The success of the Earthbox wasn’t just limited to my Kitchen Garden. Beverley, one of our knowledgeable Customer Service Team and a keen gardener herself, decided to try the Earthbox first hand – and the results were incredible! She reckons a harvest of 200 tomatoes from just 2 plants isn’t far off the mark and that’s certainly given me something to aim for this year; we gardeners love a challenge!  Also thawing out after the bitter winter is Head Gardener Dave, slowly warming warden of the formal gardens which surround my Kitchen Garden. He’s been busy helping me prepare the carrot beds in the Kitchen Gardens by digging in the horse manure I applied last month and adding sand to the soil. I was delighted with the carrot vintage of 2009 and I’m convinced the light sandy soil had a lot to do with it, so I’m determined to replicate the conditions this time around. Dave’s also been working up as sweat scrubbing down any algae-stained brickwork with Algon; laying mulching fabric and then covering it with shingle to freshen up pathways and giving the apple and pear trees a winter haircut!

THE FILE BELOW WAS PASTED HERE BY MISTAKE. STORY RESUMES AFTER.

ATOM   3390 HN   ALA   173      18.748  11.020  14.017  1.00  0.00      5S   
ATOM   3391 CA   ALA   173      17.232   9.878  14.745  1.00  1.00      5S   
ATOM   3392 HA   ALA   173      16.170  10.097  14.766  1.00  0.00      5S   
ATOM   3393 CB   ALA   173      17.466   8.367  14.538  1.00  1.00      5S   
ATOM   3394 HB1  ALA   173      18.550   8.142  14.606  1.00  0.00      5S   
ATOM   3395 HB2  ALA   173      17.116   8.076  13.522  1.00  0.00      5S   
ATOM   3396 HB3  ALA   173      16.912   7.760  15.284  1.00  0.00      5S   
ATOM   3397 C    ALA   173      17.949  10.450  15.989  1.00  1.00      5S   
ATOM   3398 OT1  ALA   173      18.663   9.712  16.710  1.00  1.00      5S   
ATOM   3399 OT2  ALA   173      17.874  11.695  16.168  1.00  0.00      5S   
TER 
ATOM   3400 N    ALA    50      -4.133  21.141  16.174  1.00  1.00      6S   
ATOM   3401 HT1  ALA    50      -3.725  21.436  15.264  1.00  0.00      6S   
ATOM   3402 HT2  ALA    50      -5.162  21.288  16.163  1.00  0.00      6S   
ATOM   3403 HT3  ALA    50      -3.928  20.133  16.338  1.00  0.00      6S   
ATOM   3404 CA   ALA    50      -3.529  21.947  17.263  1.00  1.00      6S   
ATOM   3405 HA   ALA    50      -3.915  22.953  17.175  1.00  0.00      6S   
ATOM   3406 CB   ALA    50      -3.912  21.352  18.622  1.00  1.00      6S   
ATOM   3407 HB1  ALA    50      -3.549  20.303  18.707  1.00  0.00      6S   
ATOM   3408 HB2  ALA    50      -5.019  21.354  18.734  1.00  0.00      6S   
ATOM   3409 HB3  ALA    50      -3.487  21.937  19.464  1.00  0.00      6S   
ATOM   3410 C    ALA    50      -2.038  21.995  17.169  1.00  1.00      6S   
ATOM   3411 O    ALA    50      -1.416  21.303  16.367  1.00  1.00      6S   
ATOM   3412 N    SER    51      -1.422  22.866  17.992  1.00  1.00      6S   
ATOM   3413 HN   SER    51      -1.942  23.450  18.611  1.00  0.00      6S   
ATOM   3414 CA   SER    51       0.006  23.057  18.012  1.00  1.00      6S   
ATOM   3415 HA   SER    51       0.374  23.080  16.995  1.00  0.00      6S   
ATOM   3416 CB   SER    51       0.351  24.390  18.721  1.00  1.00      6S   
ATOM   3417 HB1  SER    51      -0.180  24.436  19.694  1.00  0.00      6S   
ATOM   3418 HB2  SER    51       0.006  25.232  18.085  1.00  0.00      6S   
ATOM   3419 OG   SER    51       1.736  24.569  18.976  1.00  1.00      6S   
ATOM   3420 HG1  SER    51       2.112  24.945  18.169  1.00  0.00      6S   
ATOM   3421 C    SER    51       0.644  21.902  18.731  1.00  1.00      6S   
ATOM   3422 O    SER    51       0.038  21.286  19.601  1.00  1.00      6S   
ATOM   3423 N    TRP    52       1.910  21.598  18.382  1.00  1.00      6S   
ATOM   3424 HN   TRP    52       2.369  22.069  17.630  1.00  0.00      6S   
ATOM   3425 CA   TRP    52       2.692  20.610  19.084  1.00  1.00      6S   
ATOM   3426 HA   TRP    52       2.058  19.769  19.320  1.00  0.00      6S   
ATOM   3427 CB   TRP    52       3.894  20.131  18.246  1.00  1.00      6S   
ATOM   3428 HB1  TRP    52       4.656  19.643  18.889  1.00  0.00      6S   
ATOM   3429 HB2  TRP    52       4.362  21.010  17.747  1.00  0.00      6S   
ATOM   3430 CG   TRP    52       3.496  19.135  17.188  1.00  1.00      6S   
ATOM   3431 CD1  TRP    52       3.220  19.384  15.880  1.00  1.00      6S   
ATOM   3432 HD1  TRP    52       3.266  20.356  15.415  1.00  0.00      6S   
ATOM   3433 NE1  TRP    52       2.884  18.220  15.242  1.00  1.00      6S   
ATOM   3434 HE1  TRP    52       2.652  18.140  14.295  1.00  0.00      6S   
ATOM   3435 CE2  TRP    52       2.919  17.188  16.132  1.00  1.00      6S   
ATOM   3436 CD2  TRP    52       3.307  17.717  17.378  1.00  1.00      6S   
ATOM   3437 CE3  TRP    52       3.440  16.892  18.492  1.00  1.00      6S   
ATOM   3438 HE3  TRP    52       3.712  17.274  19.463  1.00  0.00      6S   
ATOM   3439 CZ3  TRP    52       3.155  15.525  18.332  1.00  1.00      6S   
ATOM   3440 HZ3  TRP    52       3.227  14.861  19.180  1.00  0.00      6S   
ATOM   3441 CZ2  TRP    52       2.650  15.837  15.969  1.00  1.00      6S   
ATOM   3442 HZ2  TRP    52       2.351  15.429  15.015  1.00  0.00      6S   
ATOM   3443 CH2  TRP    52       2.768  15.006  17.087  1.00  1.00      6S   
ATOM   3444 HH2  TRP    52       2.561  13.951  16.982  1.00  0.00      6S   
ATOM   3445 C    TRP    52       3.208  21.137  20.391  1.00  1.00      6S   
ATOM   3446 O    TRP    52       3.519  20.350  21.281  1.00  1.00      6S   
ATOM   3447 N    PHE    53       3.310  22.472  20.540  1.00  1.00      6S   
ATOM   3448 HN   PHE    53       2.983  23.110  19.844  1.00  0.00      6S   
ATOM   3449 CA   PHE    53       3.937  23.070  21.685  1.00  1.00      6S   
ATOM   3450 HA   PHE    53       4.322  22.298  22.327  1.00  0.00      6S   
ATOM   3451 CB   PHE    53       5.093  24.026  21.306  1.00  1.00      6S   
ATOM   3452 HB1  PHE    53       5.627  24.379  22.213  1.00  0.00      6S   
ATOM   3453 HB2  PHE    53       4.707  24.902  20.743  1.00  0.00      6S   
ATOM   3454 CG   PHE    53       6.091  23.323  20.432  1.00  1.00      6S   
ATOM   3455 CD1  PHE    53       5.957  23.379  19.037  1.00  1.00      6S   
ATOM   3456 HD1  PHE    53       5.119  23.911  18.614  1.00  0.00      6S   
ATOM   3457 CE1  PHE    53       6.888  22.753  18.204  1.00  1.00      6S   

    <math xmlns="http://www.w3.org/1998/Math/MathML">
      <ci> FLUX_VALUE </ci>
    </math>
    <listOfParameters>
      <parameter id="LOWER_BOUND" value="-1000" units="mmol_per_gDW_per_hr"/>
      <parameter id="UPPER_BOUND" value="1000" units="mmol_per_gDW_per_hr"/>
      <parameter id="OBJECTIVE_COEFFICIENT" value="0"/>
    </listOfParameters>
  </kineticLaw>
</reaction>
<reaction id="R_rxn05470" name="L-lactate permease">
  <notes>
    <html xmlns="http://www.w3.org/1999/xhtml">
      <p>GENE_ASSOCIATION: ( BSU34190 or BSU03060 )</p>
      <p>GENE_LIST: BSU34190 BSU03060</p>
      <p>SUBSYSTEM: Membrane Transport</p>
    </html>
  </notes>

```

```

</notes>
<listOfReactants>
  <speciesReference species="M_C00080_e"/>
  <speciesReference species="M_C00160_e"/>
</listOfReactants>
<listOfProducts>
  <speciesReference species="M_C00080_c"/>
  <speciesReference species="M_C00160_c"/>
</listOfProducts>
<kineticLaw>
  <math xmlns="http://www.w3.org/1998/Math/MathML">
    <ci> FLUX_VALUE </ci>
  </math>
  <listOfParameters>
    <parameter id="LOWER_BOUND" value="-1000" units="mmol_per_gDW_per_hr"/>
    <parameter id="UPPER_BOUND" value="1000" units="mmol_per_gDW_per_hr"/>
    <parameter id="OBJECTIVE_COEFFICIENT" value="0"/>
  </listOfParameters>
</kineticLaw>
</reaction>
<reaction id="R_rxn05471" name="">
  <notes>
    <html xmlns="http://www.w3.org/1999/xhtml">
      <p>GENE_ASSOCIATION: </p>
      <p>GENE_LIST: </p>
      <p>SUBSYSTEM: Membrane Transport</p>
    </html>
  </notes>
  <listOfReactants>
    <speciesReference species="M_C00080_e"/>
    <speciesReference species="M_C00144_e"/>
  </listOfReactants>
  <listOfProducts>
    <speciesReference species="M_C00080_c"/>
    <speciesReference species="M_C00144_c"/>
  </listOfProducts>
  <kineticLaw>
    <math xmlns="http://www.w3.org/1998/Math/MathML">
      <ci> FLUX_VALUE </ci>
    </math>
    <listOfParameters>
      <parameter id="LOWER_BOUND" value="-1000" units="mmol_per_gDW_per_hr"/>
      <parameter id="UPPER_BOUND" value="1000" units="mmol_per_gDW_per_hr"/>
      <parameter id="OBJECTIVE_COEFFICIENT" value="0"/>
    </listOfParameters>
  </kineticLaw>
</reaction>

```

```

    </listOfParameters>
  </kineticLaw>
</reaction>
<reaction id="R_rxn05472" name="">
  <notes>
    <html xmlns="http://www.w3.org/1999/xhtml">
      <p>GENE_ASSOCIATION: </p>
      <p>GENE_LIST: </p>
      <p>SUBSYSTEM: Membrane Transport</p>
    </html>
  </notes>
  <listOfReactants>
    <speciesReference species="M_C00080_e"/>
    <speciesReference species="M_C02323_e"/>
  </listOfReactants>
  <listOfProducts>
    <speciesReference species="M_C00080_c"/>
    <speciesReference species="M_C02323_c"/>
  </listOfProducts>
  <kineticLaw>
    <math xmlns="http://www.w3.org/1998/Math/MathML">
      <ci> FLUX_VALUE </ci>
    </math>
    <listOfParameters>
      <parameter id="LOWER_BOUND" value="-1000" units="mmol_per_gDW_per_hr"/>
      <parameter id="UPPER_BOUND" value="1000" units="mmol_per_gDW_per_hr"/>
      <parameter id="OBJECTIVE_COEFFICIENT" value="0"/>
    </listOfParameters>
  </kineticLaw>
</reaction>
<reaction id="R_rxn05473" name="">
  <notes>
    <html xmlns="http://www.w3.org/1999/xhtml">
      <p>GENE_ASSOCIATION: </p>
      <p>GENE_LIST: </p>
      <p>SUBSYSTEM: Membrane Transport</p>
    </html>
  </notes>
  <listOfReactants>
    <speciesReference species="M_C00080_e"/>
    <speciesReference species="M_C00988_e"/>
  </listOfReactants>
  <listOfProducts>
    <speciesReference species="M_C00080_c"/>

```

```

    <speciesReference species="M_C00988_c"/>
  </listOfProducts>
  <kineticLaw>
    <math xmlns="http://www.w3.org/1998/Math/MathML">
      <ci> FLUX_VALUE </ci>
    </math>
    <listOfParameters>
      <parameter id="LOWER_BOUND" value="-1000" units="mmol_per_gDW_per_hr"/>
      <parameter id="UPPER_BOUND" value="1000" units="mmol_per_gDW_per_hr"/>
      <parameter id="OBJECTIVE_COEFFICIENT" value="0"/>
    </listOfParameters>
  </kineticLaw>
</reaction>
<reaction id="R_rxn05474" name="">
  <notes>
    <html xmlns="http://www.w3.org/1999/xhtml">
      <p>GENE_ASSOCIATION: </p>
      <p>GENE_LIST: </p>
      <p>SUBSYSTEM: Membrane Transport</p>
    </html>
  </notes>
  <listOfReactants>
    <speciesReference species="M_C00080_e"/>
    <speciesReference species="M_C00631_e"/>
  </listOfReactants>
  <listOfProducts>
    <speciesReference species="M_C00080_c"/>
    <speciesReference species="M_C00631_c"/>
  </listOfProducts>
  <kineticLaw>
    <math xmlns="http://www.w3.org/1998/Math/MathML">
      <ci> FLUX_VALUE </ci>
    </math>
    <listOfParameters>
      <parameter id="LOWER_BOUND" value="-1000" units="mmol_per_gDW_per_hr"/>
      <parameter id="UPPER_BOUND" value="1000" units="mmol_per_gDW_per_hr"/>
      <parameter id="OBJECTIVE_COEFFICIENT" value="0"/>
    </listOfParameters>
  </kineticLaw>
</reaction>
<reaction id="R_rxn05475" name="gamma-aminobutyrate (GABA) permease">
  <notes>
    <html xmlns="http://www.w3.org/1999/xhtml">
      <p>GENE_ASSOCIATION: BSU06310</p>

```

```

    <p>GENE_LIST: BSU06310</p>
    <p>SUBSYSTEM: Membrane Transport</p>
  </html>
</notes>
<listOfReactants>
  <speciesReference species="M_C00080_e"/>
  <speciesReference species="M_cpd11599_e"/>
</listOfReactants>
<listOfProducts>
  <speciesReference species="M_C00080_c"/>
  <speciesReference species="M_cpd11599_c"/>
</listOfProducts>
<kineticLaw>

It’s not only gardeners who venture out once the temperature starts creeping up. Slugs and snails will start stirring in the garden and spider mites will begin sleepily emerging from greenhouse frames, so there’s no better time to contact Harrod Horticultural’s very own garden pest control expert Julian Ives with any of those early season pest problems. Julian’s heading up our brand new Natural Choice range of completely organic pest control products – safe to use around children, pets and wildlife – which you can view online in an easy to follow pest by pest format. Contact Julian by e-mail or letter with any pests or problems you’ve already encountered and get expert preventative advice before things go too badly wrong!

We’ve also produced our very own FREE Pest Guide entitled the Little Book of Pests; an invaluable, 24-page ‘keep handy’ guide packed full of information on garden pests and the organic Natural Choice range of products with which to successfully control them. You can download a copy (PDF version, 2.65MB) instantly and be in the garden identifying your pests minutes later  – it helps to know what you’re up against and what do!

Kg Sig